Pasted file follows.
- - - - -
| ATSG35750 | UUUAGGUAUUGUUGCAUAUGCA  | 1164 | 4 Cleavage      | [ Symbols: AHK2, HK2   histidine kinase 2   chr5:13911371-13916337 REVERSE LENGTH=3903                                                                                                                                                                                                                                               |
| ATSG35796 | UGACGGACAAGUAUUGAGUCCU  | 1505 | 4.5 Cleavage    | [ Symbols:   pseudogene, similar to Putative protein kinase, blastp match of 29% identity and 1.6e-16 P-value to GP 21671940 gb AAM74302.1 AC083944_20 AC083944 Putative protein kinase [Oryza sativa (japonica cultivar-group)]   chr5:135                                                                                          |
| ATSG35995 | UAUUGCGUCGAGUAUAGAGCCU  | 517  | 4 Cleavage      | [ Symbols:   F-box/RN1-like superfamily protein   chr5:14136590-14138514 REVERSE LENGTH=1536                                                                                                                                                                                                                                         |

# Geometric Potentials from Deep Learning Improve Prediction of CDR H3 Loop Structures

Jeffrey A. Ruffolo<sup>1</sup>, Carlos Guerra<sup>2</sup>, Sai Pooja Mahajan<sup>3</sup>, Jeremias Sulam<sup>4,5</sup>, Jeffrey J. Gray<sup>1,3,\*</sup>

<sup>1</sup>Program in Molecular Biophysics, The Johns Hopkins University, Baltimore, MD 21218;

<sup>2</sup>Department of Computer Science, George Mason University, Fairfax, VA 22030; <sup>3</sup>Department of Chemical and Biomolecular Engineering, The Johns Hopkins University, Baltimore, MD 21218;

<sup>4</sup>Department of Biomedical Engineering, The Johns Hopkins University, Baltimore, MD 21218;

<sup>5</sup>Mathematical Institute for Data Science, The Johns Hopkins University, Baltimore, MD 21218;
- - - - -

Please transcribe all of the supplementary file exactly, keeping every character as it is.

| ATSG35750 | UUUAGGUAUUGUUGCAUAUGCA  | 1164 | 4 Cleavage      | [ Symbols: AHK2, HK2   histidine kinase 2   chr5:13911371-13916337 REVERSE LENGTH=3903                                                                                                                                                                                                                                               |
| ATSG35796 | UGACGGACAAGUAUUGAGUCCU  | 1505 | 4.5 Cleavage    | [ Symbols:   pseudogene, similar to Putative protein kinase, blastp match of 29% identity and 1.6e-16 P-value to GP 21671940 gb AAM74302.1 AC083944_20 AC083944 Putative protein kinase [Oryza sativa (japonica cultivar-group)]   chr5:135                                                                                          |
| ATSG35995 | UAUUGCGUCGAGUAUAGAGCCU  | 517  | 4 Cleavage      | [ Symbols:   F-box/RN1-like superfamily protein   chr5:14136590-14138514 REVERSE LENGTH=1536                                                                                                                                                                                                                                         |

# Geometric Potentials from Deep Learning Improve Prediction of CDR H3 Loop Structures

Jeffrey A. Ruffolo<sup>1</sup>, Carlos Guerra<sup>2</sup>, Sai Pooja Mahajan<sup>3</sup>, Jeremias Sulam<sup>4,5</sup>, Jeffrey J. Gray<sup>1,3,\*</sup>

<sup>1</sup>Program in Molecular Biophysics, The Johns Hopkins University, Baltimore, MD 21218;

<sup>2</sup>Department of Computer Science, George Mason University, Fairfax, VA 22030; <sup>3</sup>Department of Chemical and Biomolecular Engineering, The Johns Hopkins University, Baltimore, MD 21218;

<sup>4</sup>Department of Biomedical Engineering, The Johns Hopkins University, Baltimore, MD 21218;

<sup>5</sup>Mathematical Institute for Data Science, The Johns Hopkins University, Baltimore, MD 21218;